Buy the gun you can afford, or that you love. Some of the prettiest engraved guns are nickel plated brass frame. And even in the steel guns, there are some with a case colored cylinder, some with a black blue, and Cimmaron even offers guns in what they call a charcoal blue that looks like the guns did back in the day.
One finish I will warn you away from is Pietta’s “Old West” finish, that is meant to look like a rough condition historical Colt. It looks like sparkle glitter to me, and I think you will be as disappointed as I was.
Where to Buy Cap & Ball Black Powder Revolvers
I would love to say hey just buy them on GunsAmerica, but we don’t get a lot of them. I have found some nice scores here, most recently on a gold plated and engraved Patterson. But because the guns are not FFL, and not collectible, I think people just don’t think to list them here. You can use the search for pietta or uberti and sometimes you’ll nail something not available in the market right now.
Right now a couple places have guns in stock, and others are taking back orders.
Dixie Gun Works probably has the most in stock. They don’t take back orders, and you can’t even list their inventory by in stock vs. not in stock, so it’s cludgy, but in today’s lazy world, the busy bird gets the worm. Dixie has a lot of guns in stock right now that nobody else has had in stock for months. They take about a month to ship, and Dixie is never the best price, but you’ll get them.
Midway USA has some Walkers and Dragoons in stock as I write this, at GREAT prices, and they let you place backorders for many more. Midway ships the next day usually, and you get them a few days later. In my experience Midway will not take a backorder for something that just isn’t coming anytime soon. So if they let you backorder it, most likely the shipment is already on the way in, and you’ll get it shortly.
For those inexpensive Traditions kits (also Pietta guns actually), check out your local Bass Pro or Cabelas. They are standard in stock items, and the big box stores get priority in many things. Cabelas used to be a wealth of black powder pistols. I bought my engraved nickel plated guns there in the 80s I think, for like cheap. But these days they aren’t selling any of these guns online.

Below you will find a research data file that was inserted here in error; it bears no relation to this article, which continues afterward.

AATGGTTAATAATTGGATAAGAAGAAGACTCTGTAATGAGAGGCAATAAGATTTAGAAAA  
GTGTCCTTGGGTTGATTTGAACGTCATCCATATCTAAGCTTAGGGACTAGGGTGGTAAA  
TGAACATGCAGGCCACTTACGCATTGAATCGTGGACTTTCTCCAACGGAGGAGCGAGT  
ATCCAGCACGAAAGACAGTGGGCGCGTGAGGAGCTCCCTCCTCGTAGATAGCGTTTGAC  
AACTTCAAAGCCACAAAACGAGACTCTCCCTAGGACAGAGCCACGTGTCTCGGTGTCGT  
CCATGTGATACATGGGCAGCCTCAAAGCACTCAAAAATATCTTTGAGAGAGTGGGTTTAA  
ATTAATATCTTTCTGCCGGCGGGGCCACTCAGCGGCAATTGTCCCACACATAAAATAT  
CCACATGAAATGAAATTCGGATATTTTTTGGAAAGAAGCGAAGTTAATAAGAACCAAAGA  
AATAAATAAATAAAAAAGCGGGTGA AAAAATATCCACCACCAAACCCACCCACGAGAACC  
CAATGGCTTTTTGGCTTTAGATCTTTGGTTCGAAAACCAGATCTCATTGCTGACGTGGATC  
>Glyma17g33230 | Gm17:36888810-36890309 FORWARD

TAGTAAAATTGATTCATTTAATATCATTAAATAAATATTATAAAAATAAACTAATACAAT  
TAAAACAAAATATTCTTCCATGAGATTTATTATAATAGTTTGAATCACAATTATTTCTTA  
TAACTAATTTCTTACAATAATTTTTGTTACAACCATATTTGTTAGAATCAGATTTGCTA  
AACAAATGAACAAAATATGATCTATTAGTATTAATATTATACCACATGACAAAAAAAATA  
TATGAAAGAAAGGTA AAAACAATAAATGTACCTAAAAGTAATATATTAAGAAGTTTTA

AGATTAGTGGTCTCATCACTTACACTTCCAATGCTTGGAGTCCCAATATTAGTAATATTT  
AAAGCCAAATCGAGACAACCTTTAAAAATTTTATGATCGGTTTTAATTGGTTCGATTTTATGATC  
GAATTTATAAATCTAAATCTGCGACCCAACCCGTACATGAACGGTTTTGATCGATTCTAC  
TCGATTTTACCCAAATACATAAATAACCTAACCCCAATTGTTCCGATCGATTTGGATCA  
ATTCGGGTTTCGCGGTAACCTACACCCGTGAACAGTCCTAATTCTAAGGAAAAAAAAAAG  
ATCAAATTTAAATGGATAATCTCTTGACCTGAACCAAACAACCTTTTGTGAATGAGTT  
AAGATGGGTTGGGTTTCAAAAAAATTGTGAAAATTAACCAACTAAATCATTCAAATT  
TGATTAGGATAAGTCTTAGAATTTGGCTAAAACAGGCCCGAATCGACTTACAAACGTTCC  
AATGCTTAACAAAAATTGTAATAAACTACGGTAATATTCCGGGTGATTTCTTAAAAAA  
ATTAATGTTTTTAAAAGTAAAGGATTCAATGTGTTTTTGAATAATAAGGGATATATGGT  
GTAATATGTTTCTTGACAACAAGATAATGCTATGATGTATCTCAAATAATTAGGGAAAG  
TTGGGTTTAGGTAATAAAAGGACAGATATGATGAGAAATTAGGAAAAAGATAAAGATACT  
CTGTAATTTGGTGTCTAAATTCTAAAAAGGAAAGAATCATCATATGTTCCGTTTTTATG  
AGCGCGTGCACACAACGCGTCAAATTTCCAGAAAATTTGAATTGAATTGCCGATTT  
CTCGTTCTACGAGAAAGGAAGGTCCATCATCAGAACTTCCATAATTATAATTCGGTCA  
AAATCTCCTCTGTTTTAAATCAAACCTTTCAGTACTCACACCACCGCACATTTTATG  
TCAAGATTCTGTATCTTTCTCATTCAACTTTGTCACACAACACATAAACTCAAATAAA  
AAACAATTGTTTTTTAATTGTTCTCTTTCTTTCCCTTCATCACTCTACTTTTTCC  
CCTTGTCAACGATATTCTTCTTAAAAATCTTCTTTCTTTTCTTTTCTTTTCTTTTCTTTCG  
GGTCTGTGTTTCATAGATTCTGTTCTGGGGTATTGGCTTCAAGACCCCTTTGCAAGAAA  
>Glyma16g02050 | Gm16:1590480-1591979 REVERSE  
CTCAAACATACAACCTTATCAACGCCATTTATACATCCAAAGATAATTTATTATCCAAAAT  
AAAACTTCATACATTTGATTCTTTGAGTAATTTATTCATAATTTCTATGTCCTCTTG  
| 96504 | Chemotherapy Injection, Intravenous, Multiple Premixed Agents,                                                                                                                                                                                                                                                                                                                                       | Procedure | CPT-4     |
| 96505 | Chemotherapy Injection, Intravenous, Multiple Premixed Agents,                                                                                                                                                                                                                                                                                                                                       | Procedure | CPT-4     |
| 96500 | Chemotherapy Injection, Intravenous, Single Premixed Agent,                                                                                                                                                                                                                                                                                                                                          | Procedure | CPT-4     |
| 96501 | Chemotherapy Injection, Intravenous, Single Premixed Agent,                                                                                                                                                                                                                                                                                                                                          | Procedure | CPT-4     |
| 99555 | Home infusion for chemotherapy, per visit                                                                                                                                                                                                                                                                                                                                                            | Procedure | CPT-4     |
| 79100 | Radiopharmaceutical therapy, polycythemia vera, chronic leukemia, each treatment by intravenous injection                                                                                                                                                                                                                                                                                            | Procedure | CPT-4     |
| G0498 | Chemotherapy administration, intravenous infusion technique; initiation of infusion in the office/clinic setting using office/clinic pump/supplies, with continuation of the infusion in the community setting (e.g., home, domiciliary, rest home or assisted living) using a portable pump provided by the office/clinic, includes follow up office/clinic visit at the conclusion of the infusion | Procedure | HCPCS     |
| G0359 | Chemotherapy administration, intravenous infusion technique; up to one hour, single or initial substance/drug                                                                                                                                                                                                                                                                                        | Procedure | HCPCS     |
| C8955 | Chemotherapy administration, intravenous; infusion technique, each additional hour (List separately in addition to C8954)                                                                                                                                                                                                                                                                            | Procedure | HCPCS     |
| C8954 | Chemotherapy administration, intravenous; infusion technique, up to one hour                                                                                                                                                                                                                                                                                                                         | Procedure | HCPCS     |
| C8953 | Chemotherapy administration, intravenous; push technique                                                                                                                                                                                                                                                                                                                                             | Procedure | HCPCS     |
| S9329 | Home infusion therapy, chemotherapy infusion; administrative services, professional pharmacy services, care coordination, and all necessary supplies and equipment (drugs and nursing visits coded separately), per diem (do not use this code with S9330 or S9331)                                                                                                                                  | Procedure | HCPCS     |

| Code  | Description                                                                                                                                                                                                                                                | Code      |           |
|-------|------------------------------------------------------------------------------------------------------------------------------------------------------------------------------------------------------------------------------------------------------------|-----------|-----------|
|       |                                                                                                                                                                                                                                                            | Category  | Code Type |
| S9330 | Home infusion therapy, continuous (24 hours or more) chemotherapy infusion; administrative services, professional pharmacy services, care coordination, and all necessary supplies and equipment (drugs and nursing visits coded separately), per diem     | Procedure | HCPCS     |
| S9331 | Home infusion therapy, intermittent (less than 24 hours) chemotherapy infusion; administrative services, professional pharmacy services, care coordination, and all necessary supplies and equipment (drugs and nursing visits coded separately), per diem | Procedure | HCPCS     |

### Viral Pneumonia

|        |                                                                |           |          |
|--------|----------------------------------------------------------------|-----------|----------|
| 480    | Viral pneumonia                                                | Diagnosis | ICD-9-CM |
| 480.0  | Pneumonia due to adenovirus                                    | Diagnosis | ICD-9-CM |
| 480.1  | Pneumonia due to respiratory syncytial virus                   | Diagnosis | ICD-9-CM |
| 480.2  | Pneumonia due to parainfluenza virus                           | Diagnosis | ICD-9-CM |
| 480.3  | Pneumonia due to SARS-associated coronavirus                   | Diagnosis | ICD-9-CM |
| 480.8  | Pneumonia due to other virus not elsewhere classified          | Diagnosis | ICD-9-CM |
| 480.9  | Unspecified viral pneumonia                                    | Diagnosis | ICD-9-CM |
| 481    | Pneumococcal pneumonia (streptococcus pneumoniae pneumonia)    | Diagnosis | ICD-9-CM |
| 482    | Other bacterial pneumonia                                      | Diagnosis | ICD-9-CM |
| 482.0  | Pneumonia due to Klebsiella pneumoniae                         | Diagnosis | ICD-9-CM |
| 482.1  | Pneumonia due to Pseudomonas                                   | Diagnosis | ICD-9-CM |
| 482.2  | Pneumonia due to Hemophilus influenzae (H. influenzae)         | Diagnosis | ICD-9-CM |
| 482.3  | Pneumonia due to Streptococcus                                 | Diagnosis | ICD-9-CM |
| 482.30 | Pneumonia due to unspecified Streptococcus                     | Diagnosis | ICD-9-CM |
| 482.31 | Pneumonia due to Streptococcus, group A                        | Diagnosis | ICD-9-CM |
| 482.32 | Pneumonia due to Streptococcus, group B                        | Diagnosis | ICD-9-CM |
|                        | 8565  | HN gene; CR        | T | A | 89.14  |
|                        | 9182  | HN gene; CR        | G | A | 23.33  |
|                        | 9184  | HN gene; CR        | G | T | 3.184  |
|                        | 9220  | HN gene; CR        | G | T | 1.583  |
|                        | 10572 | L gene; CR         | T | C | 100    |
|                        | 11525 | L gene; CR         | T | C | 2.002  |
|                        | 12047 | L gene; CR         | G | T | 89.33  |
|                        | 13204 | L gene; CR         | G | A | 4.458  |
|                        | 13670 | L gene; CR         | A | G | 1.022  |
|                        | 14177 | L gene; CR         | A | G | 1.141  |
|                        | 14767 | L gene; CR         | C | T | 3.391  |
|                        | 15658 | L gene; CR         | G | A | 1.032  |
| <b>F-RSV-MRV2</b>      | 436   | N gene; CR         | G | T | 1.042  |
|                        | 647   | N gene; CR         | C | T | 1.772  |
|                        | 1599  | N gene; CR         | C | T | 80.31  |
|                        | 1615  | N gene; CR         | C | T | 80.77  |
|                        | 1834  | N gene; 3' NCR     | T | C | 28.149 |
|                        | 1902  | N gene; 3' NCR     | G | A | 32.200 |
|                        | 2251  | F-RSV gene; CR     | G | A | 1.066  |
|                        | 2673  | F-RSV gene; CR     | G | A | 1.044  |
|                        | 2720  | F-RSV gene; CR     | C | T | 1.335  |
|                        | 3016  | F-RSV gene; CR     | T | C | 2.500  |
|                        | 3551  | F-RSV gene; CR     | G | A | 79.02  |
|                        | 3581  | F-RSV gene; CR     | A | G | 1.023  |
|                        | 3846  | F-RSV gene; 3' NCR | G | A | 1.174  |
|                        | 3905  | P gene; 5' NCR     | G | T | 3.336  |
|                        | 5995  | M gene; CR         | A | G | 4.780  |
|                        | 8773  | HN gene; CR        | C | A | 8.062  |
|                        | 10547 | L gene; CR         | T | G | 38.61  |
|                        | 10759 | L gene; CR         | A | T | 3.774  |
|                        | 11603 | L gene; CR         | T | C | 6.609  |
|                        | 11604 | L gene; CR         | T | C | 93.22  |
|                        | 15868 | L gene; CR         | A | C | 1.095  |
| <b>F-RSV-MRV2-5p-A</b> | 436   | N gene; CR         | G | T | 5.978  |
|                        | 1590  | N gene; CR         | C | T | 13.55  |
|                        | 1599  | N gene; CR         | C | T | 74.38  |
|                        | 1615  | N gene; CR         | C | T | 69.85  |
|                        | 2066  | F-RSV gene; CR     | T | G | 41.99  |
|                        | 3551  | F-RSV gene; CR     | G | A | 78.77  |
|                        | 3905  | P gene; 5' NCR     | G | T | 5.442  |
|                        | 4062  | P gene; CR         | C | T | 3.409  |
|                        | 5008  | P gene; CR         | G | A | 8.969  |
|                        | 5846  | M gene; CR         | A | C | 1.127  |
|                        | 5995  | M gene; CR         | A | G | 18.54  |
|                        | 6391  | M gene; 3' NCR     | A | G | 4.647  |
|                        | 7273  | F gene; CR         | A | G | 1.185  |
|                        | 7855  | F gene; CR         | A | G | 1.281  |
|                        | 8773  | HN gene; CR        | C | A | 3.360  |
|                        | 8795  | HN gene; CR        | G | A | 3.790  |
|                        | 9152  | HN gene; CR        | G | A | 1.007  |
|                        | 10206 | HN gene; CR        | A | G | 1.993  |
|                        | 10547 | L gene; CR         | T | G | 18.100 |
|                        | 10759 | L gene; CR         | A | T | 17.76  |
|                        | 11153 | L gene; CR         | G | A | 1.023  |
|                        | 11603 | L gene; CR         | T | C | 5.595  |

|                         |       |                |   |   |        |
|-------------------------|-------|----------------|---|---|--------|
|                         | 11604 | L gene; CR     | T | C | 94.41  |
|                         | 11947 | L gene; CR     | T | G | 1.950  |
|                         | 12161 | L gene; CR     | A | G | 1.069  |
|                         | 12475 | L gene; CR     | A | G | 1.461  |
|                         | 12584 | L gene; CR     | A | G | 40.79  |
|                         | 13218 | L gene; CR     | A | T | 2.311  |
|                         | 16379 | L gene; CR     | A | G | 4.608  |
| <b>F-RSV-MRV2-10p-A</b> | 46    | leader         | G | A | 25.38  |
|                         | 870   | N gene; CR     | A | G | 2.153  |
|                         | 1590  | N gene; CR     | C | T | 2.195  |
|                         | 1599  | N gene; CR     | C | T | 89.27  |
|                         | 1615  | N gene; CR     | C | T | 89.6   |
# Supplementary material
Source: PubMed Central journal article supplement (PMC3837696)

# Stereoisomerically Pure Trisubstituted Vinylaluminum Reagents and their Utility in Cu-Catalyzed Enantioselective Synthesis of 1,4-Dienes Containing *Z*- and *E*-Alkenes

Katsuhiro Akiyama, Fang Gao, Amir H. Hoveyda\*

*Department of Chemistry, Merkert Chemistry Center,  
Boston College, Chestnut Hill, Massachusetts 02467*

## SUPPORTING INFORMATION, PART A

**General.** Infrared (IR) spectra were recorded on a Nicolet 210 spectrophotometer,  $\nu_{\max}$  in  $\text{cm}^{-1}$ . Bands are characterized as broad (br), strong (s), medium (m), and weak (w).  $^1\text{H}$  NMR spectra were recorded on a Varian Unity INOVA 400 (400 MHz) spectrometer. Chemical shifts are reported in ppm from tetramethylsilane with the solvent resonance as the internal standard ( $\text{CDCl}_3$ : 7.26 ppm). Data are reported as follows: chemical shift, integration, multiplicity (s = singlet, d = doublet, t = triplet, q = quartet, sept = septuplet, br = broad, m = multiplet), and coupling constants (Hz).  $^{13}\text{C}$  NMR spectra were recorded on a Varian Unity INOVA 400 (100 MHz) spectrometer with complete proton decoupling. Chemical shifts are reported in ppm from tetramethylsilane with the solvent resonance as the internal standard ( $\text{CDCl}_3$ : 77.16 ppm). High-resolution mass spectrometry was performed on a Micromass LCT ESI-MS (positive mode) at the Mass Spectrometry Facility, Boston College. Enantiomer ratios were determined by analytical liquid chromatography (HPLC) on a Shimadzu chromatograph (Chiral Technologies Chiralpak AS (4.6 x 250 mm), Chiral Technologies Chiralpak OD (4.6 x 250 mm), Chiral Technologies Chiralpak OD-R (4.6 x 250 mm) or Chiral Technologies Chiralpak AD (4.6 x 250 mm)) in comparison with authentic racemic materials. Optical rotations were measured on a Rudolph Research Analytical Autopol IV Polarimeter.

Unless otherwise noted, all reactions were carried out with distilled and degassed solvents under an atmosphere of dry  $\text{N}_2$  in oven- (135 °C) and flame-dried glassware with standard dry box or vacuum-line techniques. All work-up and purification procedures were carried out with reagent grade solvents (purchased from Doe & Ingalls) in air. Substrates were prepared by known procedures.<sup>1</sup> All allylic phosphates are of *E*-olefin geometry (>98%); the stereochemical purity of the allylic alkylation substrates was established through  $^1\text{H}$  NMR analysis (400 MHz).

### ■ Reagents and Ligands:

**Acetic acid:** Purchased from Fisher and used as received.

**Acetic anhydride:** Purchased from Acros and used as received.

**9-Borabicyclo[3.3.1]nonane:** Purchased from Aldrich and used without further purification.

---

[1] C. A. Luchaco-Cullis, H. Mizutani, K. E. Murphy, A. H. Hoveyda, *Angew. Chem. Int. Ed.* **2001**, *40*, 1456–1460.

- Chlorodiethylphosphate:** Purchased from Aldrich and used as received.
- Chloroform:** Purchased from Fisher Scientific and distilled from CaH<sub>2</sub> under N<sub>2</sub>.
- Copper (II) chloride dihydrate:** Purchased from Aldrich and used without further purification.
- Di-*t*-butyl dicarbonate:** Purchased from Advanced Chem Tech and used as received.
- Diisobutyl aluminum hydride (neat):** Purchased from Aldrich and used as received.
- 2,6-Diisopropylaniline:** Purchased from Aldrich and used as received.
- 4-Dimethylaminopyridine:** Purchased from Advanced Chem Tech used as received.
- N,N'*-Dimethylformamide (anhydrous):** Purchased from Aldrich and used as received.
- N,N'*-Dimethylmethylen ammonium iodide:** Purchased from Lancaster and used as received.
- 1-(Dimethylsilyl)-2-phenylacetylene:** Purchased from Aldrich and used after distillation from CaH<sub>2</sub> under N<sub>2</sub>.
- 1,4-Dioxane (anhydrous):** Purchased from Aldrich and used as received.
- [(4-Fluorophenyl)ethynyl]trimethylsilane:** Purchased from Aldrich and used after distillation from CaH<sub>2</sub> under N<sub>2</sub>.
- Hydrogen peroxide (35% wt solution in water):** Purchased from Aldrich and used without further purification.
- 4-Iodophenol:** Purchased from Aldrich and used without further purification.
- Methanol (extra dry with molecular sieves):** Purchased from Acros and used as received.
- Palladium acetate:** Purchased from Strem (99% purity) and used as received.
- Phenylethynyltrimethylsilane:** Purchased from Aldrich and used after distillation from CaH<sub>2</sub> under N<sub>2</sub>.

The best place for backorders is EMF. They are the largest importer of Piettas, and they bring in a lot of really pretty guns that nobody else has ever. As I showed in the video, I’m not nuts about some of the laser engraved guns I got from them, but they are still pretty. And there are plenty of guns with shallow and even deep engraving.
Don’t worry about losing your money with EMF, because you paid and the gun doesn’t come in for a year. They do not ding your card until it comes in, and they call you first before they run it to let you know that the guns have arrived. It also gives you the opportunity to ask for a consecutive pair if you are getting two of the same. They are a great company and bring us some great guns.
Taylors & Co. works exactly the same way. They allow you to check out on out of stock things, and like EMF, they will call you to let you know it is out of stock, and they will call you to let you know when it arrives. They also have some really pretty exclusives.
Sportsman’s Guide is my final suggestion, because the prices are really good. They only carry a handful of guns, including a couple brass framed guns that are tastefully engraved. But the delivery dates have been stretching further and further away. Right now a couple guns are still promised for June, but I did have my order for the revolving rifle they sell moved up a month already.
I would not suggest ordering directly from Cimarron. They cancelled my order as soon as I placed it. You’ll get all excited that you scored, for a big waste of time as I did.
Why Buy Cap & Ball Black Powder Pistols
This is a difficult subject, because I don’t want to sound like I am suggesting that you go behind the government’s back, but hey, the law is the law, and it is the law the way it is for a reason.
In this Republic our right to Keep and Bear Arms is absolute, except that it isn’t. As a society, limits to that right have crept in using the excuse of public safety. You can’t have a machinegun, because you might get pissed at your brother in law at a family event and spray all the innocents who you didn’t mean to shoot.
Well some of it kind of makes a little sense. But when you talk about these percussion pistols not requiring an FFL, you are talking about the National Firearms Act of 1969. That was when guns went from being able to be sold anywhere, to guns being only sold by licensed gun dealers.
Black powder revolvers do not fall under this law, and were intentionally written out, because crimes have not historically been committed with antique guns or replicas of antique guns. That’s it. There was no public safety angle, so they were left out. I would venture to say that not one person who ever reads this article has ever or will commit a violent crime, PERIOD.
So to extrapolate that, it was not because black powder guns were not as effective as cartridge guns. They are every bit as accurate, reliable, and deadly as any other gun in their ballistic range. That range, as I explained above, does vary by what type of projectile you are shooting, but hey, a ton of people carry a .380, not to mention a 25ACP! I just saw a video the other day of a guy dinging a gong at 1,200 yards with a muzzleloader. And these black powder pistols are not to be trifled with as well.
Throughout the ages, over 5,000 years of civilization, guns are a fairly new arrival. Yes they have progressed quite far since firearms started to become widespread, but prior to that, you could have ruled a village with one of these guns. And with an small army of them, you could rule a nation. Swords, spears and arrows were just no match.